CS Lewis‘ Mere Christianity is rightly acknowledged as a masterpiece of Christian apologetics; it is entertaining, witty, well-written, clearly composed by a man of immense learning and erudition (who, as befitting the author of the masterful Studies in Words, cannot restrain his delightful habit of providing impromptu lessons in etymology.) Lewis is said to have induced conversions in “Francis Collins, Jonathan Aitken, Josh Caterer and the philosopher C. E. M. Joad” as a result of their reading Mere Christianity, and it is not hard to see why. The encounter of a certain kind of of receptive mind with the explication of Christian doctrine that Lewis provides–laden with provocative analogies and metaphors–is quite likely to lead to the kind of experience conversion provides: an appeal to an emotional core harboring deeply experienced and felt needs and desires, which engenders a radical shift in perspective and self-conception. Christianity offers a means for conceptualizing one’s existential and pyschological crises–seeing them as manifestation of a kind of possession, by sin, by the Devil–and holds out the promise of radical self-improvement: the movement toward man–all men–becoming Christ, assuming a moral and spiritual perfection as they do so. All the sludge will fall away; man will rise and be welcomed into the bosom of God; if only he takes on faith in Christ and his teachings. This is powerful, heady stuff and its intoxicating powers are underestimated only by those overly arrogant about the power and capacities of reason and ratiocination to address emotional longings and wants.
It is clear too, from reading Lewis, why Christianity provoked the ire of a philosopher like Nietzsche. For they are all here: the infantilization of man in the face of an all-powerful, all-seeing, all-knowing, all-good God; the terrible Godly wrath visible in notions such as damnation; the disdain for this life, this earth, this abode, its affairs and matters, in favor of another one; the notion of a ‘fallen man’ and a ‘fall from grace’ implying this world is corrupt, indeed, under ‘occupation’ by an ‘enemy force.’ There is considerable self-abnegation here; considerable opportunity for self-flagellation and diminishment. No wonder the Existential Stylist was driven to apoplectic fury.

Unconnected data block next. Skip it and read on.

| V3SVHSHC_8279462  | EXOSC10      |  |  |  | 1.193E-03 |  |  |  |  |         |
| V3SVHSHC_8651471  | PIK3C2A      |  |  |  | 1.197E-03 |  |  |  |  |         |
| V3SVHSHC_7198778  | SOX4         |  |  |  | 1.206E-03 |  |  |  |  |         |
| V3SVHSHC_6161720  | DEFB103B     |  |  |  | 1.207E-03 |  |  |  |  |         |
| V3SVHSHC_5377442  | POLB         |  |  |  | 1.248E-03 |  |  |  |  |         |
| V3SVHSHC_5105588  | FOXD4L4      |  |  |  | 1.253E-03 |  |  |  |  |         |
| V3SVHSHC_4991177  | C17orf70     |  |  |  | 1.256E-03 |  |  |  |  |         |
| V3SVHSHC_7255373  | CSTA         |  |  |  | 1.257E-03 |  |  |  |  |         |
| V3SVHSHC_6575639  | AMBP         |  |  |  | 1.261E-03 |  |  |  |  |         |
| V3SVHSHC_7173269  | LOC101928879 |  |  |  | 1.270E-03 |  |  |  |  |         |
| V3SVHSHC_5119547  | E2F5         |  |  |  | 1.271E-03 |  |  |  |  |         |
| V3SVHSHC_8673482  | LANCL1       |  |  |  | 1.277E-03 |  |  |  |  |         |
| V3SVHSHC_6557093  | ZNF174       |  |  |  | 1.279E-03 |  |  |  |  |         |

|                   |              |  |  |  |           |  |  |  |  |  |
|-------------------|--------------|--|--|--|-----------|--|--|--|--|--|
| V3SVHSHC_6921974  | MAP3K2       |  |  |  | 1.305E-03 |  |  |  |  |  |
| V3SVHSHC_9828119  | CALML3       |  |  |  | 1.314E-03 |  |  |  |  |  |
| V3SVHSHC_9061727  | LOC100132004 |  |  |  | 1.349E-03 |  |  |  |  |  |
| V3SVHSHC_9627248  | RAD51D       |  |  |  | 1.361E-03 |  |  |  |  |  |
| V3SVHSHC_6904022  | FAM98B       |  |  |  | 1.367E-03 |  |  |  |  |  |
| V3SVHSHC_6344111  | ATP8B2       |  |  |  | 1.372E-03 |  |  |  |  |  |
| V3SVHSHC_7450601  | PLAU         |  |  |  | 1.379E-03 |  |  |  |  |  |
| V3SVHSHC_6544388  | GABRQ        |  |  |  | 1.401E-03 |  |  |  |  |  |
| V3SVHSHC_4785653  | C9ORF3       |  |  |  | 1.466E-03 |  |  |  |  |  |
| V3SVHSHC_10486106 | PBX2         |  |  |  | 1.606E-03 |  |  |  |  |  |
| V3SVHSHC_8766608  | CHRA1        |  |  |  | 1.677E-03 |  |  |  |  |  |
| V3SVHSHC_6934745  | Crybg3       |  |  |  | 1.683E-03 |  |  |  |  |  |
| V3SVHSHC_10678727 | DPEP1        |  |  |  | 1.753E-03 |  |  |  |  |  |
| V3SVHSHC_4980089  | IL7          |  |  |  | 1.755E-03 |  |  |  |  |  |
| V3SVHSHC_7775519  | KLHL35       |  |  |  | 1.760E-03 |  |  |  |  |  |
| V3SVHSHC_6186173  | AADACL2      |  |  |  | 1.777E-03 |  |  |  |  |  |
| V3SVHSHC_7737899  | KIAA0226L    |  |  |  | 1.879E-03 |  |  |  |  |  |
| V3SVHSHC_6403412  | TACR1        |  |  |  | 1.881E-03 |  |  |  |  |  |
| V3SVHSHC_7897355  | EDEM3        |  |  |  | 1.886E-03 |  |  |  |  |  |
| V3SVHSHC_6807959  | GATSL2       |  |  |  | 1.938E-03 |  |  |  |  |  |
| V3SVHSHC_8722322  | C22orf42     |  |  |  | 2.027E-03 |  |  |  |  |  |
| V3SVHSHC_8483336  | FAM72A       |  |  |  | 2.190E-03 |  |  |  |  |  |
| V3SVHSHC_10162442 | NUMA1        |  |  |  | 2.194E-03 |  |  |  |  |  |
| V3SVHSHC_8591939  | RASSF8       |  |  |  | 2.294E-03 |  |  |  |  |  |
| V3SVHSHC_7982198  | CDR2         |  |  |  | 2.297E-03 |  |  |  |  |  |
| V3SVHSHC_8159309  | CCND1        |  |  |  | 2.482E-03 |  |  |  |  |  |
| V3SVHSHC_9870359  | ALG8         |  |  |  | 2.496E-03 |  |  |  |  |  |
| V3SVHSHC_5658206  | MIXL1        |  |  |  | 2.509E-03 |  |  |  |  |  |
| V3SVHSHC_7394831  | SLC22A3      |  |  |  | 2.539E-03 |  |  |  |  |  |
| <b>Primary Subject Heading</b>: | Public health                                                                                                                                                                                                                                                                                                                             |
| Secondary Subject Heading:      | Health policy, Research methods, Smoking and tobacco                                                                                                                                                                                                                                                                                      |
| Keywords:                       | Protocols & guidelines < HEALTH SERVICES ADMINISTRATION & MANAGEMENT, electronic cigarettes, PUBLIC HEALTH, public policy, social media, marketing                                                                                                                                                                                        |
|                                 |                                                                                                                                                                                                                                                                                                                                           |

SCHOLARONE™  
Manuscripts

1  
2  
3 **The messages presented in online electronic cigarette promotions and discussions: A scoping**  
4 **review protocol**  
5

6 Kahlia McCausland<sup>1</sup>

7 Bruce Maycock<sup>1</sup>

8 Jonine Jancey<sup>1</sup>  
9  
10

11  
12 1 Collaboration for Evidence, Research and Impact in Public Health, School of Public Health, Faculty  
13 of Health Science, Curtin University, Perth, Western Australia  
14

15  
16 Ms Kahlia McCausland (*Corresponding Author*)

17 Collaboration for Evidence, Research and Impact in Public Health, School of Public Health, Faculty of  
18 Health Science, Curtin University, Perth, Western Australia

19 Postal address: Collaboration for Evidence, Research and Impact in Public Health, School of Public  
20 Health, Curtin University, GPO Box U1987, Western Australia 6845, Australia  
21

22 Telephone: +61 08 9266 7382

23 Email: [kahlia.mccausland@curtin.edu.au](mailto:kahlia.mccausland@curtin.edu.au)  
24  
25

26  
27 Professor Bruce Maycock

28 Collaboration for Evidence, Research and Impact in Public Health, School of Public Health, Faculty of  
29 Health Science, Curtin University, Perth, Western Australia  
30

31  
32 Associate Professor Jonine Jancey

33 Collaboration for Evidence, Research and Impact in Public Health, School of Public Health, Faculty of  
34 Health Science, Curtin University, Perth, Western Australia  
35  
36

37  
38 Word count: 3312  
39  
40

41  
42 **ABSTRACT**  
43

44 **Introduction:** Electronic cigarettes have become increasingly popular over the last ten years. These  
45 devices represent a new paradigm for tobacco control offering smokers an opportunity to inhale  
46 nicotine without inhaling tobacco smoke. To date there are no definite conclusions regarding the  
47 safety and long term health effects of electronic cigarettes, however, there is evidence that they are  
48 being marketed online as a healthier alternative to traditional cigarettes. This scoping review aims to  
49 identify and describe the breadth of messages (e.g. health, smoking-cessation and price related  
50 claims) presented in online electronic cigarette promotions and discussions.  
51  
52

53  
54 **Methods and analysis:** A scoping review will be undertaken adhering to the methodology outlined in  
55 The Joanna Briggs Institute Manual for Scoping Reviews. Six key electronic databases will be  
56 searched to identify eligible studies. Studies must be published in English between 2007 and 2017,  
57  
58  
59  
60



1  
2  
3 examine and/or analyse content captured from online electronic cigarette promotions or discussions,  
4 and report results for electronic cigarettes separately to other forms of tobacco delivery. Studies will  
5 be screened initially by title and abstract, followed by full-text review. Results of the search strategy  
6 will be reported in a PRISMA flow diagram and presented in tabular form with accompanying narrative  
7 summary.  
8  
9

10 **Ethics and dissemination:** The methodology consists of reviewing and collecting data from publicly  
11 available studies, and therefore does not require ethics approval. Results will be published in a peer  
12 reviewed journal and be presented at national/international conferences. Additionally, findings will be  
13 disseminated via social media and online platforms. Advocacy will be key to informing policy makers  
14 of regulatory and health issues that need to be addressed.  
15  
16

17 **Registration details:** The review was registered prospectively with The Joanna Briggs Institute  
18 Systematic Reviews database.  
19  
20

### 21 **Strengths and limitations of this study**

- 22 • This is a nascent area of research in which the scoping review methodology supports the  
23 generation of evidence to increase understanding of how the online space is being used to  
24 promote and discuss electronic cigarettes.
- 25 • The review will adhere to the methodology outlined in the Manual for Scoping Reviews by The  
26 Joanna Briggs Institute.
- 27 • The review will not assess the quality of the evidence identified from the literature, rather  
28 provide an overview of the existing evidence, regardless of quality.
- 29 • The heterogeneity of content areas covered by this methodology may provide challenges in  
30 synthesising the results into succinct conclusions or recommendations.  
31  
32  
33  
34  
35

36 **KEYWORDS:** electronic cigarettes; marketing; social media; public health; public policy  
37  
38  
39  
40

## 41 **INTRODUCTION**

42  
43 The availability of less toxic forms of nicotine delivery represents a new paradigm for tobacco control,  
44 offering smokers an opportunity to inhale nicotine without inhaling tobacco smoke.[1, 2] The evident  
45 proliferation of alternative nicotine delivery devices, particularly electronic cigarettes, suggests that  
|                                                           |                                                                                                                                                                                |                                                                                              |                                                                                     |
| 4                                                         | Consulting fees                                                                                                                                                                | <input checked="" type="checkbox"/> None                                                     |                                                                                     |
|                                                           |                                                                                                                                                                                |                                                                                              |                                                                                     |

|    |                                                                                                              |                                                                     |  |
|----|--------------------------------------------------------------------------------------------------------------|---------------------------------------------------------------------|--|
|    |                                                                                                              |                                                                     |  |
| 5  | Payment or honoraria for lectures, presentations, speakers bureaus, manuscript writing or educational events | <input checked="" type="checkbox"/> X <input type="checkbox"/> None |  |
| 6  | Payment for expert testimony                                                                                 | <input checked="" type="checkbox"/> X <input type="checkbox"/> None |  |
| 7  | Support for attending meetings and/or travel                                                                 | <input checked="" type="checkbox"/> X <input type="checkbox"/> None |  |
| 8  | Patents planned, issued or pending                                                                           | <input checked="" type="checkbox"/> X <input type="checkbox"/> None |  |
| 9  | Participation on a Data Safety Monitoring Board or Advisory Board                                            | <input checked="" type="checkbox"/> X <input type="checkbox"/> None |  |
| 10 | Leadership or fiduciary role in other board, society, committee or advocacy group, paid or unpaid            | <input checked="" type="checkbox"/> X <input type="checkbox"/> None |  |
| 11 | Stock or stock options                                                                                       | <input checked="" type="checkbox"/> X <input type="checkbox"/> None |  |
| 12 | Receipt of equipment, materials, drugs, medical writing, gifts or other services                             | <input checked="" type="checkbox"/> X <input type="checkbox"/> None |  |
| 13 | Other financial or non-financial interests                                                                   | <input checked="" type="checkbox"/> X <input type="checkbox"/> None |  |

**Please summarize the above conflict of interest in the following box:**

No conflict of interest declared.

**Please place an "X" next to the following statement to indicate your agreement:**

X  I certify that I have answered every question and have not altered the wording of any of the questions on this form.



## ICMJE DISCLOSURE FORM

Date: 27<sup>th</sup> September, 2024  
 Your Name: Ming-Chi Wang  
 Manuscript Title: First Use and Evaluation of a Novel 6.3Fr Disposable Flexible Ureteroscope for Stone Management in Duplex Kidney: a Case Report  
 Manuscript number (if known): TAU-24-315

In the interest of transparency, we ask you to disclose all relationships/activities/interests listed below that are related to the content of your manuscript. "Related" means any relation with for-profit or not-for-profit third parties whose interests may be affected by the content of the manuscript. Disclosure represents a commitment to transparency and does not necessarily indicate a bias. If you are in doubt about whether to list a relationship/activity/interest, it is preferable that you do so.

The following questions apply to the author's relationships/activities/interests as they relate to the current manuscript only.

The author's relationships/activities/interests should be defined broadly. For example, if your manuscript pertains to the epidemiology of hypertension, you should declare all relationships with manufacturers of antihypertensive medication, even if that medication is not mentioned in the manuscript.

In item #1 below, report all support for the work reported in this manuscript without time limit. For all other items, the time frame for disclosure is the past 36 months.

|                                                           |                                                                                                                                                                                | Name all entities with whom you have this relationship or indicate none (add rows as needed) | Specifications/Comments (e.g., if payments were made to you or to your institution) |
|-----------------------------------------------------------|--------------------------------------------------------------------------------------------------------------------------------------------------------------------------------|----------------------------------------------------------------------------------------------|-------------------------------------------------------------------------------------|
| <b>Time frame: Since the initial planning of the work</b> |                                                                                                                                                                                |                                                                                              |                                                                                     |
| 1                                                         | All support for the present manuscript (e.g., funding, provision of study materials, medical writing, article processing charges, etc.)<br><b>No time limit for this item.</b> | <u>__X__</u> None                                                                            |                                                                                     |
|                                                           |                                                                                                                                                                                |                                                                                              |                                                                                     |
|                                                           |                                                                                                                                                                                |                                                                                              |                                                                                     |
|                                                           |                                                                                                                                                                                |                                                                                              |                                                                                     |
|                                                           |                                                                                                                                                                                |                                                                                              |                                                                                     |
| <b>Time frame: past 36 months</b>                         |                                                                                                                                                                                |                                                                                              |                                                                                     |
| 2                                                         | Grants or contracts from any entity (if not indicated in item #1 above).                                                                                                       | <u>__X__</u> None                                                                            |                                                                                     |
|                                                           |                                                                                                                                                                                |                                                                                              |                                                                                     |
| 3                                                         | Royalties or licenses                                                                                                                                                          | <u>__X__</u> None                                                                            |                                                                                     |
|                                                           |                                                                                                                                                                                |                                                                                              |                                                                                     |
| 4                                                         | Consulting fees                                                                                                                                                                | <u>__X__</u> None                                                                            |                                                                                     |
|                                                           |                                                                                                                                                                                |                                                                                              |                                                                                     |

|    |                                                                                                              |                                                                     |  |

Lewis takes Biblical doctrine seriously and literally; but like any good evangelical he is not above relying on metaphorical interpretation when it suits him. (This is evident throughout Mere Christianity but becomes especially prominent in the closing, more avowedly theological chapters.) Unsurprisingly for a man of his times (who supports the death penalty and thinks homosexuals are perverts), the seemingly retrograde demand that wives unquestioningly obey their husbands, which might have sparked alarms in a more suspicious mind about the sociological origins of such a hierarchy-preserving notion, is stubbornly, if ever so slightly apologetically, defended.
Lewis’ arguments are, despite the apparent effort he takes to refute views contrary to Christian doctrine, just a little too quick. His infamous trilemma arguing for the Divinity of Jesus and his dismissal of the notion that his supposed Natural or Universal Law of Morality cannot be traced to a social instinct are notoriously weak (the former’s weaknesses are amply referenced in the link above while the latter simply pays no attention to history, class, and culture.)
But Mere Christianity, even if deeply flawed, is still worth a read: you witness an agile mind at work; you encounter a masterful writer; you find yourself challenged to provide refutations and counter-arguments; you even feel an emotional tug or two, letting you empathize with those who do not think like you do. That’s a pretty good catch for one book.